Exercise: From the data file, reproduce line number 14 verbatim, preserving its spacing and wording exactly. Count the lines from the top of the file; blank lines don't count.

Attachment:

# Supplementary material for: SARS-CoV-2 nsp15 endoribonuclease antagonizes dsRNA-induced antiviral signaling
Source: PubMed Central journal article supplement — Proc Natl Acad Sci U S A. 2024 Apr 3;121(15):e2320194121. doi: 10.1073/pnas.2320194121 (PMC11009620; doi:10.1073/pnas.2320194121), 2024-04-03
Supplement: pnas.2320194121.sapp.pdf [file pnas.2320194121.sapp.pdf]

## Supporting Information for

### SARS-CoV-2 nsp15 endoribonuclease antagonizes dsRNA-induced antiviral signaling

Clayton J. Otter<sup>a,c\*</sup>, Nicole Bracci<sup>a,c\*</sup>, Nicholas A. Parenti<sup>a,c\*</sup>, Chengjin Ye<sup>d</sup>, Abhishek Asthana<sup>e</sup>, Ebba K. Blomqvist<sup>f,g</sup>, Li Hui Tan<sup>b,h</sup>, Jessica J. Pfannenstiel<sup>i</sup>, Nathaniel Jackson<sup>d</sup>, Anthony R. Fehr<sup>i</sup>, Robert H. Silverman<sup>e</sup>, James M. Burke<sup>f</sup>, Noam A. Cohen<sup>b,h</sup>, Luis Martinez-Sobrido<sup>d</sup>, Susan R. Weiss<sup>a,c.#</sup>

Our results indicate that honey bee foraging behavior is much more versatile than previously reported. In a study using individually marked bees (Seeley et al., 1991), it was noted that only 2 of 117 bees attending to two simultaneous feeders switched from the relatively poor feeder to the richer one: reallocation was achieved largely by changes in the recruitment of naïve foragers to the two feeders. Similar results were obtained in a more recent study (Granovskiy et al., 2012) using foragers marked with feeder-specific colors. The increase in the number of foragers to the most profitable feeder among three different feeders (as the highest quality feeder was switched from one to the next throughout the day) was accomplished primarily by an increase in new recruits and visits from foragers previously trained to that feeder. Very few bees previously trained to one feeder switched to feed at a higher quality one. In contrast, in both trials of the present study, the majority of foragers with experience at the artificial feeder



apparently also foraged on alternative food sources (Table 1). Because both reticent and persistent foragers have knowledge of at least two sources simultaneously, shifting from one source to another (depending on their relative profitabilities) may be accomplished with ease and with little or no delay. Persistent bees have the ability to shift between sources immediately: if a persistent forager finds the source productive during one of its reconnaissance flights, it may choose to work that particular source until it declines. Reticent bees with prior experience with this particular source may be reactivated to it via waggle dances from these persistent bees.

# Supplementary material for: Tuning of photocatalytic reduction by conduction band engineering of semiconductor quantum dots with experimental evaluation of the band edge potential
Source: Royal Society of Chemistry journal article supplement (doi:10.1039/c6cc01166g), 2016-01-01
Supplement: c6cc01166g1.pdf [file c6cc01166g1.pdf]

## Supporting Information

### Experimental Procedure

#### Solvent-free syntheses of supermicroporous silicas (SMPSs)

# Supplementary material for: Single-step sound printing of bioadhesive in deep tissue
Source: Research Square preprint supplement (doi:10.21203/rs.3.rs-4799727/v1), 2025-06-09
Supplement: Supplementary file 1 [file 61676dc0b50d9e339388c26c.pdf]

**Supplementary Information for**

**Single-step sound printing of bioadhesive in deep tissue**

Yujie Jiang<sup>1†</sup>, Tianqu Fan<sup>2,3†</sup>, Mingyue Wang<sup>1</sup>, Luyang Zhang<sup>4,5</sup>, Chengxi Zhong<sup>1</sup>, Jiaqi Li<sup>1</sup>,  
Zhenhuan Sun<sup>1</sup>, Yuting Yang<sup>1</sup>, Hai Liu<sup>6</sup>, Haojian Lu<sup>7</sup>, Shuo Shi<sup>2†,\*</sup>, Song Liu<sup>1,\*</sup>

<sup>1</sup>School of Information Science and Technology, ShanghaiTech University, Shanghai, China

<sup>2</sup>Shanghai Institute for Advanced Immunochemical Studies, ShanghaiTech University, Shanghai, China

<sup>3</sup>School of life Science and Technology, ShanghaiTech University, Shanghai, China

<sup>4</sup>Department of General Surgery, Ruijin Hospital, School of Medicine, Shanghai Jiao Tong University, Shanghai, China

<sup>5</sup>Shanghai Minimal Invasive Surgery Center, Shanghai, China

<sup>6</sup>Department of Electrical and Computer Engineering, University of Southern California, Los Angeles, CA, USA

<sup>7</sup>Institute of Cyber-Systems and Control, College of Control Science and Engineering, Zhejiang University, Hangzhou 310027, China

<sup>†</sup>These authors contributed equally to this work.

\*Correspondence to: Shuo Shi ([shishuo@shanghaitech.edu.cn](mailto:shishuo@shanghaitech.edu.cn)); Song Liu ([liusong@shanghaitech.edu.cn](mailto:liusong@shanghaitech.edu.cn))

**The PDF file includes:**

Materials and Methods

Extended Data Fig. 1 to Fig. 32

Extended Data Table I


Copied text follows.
#### Solvent-free syntheses of supermicroporous silicas (SMPSs)